19 May 2017 — 0708 mdt
Our democracy cannot survive many more
elections as ugly as Gianforte v. Quist
The special congressional election that ends on 25 May has become Montana’s most expensive congressional election, and possibly its dirtiest. Some of the right wing attacks on Rob Quist are so ugly they qualify as depraved, and liberals have lowered themselves to suggesting that Greg Gianforte may be in cahoots with Russia and is guilty of carelessness that gives aid and comfort to the terrorists of ISIS. In my judgment, the GOP’s excesses have been far worse than the Democrat's.
Politics has never been beanbag, but the current level of viciousness has few historical precedents, and if continued will erode, and erode rather quickly, our ability to govern ourselves. What’s kosher in a civil society society is defined not just by a constitutional structure and law, but also by social and political norms, by which I mean generally accepted informal boundaries on what is legitimate in political discourse and governing.
Yale law professor Jack Balkin addressed that earlier this week in a must read essay, Constitutional Rot and Constitutional Crisis. Here’s an extensive excerpt that should sober even the most reckless among us:
What is constitutional rot? Democratic constitutions depend on more than obedience to law. They depend on well-functioning institutions that balance and check power and ambition. These include not only public institutions but institutions of civil society like the press.
Next, democracies depend on the public’s trust that government officials will exercise power in the public interest and not for their own personal benefit or for the benefit of private interests and cronies.
Democracies also depend on forbearance on the part of public officials in their assertions of power, and obedience to norms of fair political competition. These norms prevent ambitious politicians from overreaching and undermining public trust. These norms help to promote cooperation between political opponents and factions even when they disagree strongly about how to govern the country. Finally, these norms prevent politicians from privileging short term political gains over long term injuries to the health of the constitutional system.
When politicians disregard norms of fair political competition, undermine public trust, and repeatedly overreach by using constitutional hardball to rig the system in their favor, they cause the system of democratic (and republican) constitutionalism to decay. This is the phenomenon of constitutional rot.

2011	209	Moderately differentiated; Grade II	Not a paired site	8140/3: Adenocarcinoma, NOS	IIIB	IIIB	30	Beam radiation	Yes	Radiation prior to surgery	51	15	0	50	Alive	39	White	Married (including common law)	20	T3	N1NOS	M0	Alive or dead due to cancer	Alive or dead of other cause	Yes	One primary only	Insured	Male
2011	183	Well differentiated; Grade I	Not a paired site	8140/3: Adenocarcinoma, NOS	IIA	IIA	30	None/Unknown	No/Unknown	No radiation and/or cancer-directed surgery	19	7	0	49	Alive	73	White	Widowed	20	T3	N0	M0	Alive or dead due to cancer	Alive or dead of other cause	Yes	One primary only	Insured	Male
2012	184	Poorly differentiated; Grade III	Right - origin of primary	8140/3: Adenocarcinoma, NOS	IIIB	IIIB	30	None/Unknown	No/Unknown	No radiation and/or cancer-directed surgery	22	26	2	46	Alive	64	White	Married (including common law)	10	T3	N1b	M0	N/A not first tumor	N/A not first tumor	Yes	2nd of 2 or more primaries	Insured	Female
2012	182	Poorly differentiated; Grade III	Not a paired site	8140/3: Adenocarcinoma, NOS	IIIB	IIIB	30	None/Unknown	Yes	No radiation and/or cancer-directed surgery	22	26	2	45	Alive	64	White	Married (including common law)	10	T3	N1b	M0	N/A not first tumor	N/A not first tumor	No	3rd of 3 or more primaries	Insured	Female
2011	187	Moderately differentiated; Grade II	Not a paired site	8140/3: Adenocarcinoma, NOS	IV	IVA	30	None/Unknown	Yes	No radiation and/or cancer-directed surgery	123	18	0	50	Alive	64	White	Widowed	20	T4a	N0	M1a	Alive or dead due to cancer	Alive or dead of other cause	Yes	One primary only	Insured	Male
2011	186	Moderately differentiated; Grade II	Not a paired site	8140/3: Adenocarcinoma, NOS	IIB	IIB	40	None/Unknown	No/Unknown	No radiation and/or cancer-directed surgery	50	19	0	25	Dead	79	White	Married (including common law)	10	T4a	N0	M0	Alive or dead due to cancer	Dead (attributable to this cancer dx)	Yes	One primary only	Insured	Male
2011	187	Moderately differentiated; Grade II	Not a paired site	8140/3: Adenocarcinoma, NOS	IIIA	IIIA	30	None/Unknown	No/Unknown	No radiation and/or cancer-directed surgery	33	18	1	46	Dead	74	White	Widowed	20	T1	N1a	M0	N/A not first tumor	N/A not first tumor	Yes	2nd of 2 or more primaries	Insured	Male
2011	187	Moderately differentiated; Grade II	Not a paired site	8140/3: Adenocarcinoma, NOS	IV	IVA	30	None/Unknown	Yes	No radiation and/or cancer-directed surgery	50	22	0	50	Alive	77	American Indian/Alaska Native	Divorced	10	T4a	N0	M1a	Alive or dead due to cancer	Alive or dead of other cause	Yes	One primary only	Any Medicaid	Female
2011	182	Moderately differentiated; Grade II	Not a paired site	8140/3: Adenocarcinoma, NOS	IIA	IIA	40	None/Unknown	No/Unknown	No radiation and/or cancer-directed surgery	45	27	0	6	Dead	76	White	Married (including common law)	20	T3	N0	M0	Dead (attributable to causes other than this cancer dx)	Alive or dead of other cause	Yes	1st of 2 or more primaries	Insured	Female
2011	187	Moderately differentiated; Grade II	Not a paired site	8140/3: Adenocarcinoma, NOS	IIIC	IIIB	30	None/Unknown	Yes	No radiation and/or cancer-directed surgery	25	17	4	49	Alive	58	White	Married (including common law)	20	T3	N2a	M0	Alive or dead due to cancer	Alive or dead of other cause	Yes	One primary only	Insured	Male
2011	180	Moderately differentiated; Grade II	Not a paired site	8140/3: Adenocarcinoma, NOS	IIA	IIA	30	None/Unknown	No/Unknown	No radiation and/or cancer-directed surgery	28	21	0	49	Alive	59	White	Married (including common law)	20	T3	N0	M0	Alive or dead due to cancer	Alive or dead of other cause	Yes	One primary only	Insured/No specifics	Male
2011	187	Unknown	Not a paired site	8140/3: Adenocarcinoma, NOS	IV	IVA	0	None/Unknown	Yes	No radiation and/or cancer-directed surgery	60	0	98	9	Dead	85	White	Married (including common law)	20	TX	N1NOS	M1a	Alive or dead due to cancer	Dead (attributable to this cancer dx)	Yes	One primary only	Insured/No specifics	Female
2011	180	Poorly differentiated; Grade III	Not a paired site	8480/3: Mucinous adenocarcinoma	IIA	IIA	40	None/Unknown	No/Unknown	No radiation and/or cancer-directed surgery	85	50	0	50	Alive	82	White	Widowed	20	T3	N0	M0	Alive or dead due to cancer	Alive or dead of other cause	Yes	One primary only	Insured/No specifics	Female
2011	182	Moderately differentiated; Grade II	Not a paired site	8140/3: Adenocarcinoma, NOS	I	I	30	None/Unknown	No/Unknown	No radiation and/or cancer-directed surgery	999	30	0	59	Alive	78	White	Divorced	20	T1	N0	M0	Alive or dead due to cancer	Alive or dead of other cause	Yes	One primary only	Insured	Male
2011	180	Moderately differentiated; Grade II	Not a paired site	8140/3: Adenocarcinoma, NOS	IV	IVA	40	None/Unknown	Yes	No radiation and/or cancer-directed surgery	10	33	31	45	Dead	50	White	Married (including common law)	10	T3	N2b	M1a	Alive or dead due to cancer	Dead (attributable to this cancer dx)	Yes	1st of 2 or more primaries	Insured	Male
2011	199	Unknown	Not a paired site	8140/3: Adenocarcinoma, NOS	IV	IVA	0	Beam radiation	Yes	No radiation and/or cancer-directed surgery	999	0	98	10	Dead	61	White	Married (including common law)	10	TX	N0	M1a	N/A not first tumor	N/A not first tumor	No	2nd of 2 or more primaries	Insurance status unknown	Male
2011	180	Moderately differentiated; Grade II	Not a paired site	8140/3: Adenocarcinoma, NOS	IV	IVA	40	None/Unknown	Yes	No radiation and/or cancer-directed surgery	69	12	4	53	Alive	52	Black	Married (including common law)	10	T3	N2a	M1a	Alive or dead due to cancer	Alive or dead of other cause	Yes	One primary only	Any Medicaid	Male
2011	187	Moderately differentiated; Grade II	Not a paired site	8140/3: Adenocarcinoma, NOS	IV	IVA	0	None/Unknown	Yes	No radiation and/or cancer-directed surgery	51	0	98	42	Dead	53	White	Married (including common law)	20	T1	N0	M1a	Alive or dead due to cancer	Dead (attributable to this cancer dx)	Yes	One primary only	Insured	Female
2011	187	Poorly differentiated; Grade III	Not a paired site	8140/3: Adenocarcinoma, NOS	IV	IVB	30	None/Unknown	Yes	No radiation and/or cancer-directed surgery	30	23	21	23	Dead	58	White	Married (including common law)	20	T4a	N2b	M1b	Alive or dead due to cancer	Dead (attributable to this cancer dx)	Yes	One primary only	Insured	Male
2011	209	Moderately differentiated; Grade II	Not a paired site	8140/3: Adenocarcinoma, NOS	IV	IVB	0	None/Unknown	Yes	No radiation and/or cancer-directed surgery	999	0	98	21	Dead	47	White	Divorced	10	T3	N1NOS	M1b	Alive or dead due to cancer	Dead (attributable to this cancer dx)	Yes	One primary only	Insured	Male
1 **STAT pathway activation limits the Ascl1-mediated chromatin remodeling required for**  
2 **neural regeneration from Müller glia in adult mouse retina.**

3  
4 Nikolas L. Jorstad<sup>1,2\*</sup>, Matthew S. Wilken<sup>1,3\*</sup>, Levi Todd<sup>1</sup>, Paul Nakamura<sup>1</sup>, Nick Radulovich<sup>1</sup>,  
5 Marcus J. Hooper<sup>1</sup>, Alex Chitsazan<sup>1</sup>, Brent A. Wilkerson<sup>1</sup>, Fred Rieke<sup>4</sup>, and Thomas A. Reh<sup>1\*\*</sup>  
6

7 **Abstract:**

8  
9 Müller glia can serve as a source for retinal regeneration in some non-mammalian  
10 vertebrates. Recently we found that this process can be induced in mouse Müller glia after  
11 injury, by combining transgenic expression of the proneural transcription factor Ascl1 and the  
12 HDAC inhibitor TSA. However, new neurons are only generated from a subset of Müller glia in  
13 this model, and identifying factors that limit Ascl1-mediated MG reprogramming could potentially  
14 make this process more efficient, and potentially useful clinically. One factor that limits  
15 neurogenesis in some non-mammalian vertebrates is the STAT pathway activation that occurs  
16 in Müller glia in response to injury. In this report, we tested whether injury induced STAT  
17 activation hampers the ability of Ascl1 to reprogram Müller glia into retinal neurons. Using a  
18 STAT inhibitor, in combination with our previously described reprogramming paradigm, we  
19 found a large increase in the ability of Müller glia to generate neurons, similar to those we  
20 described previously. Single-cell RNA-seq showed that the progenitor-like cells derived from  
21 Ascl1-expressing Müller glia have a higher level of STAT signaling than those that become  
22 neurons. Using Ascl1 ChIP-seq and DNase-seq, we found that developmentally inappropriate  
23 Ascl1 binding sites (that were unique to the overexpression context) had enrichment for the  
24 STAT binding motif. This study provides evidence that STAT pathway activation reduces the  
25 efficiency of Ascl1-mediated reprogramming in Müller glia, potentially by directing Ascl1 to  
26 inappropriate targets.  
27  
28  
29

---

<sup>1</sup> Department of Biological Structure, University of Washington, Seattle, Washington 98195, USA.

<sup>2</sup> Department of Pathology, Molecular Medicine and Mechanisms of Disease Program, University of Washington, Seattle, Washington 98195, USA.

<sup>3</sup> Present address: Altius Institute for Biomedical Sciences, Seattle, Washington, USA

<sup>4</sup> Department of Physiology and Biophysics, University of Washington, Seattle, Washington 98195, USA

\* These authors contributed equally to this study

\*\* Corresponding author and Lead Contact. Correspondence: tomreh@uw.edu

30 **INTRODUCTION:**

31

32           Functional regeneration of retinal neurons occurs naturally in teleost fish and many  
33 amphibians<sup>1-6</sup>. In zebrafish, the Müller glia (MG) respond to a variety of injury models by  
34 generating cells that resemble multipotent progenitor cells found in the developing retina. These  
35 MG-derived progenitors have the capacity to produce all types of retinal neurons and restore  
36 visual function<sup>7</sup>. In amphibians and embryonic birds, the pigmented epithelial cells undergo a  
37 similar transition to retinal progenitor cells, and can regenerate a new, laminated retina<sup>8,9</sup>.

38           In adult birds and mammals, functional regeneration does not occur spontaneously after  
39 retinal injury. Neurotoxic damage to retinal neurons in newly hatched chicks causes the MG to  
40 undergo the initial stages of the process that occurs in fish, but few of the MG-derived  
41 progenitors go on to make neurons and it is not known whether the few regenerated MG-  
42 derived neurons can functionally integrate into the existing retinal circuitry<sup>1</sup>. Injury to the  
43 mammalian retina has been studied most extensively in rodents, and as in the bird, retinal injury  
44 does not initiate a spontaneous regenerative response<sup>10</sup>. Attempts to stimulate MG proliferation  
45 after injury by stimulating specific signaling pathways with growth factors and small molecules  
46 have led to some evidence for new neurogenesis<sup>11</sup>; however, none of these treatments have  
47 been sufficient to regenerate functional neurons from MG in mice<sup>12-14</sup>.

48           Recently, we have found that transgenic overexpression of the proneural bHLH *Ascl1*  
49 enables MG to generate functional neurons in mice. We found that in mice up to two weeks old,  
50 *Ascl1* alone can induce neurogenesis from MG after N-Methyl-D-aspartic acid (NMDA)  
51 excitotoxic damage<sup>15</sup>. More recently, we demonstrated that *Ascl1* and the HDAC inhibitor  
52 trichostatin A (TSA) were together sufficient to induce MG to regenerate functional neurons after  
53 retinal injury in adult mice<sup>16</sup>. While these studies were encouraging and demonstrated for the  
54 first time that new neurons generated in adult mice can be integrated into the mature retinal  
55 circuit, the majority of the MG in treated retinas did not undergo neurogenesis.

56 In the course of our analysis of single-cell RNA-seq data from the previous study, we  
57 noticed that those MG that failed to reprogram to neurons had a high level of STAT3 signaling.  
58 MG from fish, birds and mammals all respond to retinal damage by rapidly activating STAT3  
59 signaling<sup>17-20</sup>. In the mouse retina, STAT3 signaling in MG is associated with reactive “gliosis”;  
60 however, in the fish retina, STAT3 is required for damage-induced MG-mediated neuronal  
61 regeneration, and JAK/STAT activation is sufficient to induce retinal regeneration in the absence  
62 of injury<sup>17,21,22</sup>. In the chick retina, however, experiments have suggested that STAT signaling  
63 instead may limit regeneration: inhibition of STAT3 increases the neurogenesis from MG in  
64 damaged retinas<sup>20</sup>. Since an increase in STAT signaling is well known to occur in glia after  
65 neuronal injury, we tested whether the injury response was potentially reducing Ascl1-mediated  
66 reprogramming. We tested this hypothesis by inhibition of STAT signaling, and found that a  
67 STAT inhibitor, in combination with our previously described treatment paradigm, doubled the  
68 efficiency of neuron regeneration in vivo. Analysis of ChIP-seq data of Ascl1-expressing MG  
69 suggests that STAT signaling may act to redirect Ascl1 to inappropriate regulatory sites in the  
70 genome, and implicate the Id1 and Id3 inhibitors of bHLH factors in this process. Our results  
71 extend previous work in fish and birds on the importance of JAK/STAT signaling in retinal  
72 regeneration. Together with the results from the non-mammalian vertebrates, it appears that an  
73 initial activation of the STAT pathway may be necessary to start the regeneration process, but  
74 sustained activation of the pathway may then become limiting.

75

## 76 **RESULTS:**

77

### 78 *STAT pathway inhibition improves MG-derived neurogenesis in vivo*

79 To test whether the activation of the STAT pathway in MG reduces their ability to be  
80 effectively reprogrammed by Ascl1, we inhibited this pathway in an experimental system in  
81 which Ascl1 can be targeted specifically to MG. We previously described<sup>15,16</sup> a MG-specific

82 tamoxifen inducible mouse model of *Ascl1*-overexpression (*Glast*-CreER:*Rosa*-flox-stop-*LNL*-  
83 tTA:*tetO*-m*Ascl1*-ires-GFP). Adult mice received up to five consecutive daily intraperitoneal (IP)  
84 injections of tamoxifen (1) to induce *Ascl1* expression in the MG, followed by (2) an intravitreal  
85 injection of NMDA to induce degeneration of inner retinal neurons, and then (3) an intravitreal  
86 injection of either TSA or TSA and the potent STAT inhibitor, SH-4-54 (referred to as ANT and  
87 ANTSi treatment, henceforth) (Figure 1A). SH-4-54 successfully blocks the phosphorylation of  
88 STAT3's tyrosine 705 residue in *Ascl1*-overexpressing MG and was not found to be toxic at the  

The idea of constitutional rot is very old. The political theory of republicanism familiar to Constitution’s founders asserted that republics were delicate institutions that were always susceptible to decay and corruption over time. Time was the great enemy of republics, because ever-changing circumstances, and the driving force of people’s ambitions and desire for power would open the door to—if not encourage—multiple forms of institutional corruption. In modern democratic republics, this institutional corruption is a version of constitutional rot.
II. The Dangers of Constitutional Rot
Constitutional rot creates two serious risks to democratic politics. First, by playing too much hardball, demonizing their opposition, and attempting to crush those who stand in their way, political actors risk increasing and widening cycles of retribution from their opponents. This may lead to deadlock and a political system that is increasingly unable to govern effectively.
Second, undermining or destroying norms of political fair play and using hardball tactics to preempt political competition may produce a gradual descent into authoritarian or autocratic politics. Such states may preserve the empty form of representative democracy—they may have written constitutions and regular elections; and they may adhere for the most part to the rule of law formalities. But power is increasingly concentrated and unaccountable; the press, civil society, political opponents, civil servants and the judiciary no longer serve as independent checks on the power of the people in charge. Indeed, political leaders may systematically seek to weaken or co-opt each of these possible sources of opposition. These features of constitutional rot are likely to lead to increasing corruption, overreaching, and suppression of basic liberties. Regimes that slide into autocracy or authoritarianism may not suffer constitutional crises in the sense that they are politically stable and successfully avoid civil unrest or civil war. But they have failed as democratic constitutional systems; increasingly they are democracies in name only.
Obviously these two risks—deadlock and descent into autocracy—are related. A system that has become so deadlocked that politics seems futile may lead to the election of demagogues and authoritarian minded politicians who undermine democratic norms and lead a nation toward autocracy.
Our democracy, and the freedoms and prosperities that depend on it, cannot endure much more coarsening and cheapening of our political discourse. It’s not just politicians and elected officials who are conducting themselves unwisely. Many voters have become so angry they are not thinking clearly about the consequences of casting protest votes for demagogues, zealots and fools. We are very close to sinking into the abyss that consumed 1930s Europe and led to catastrophic war.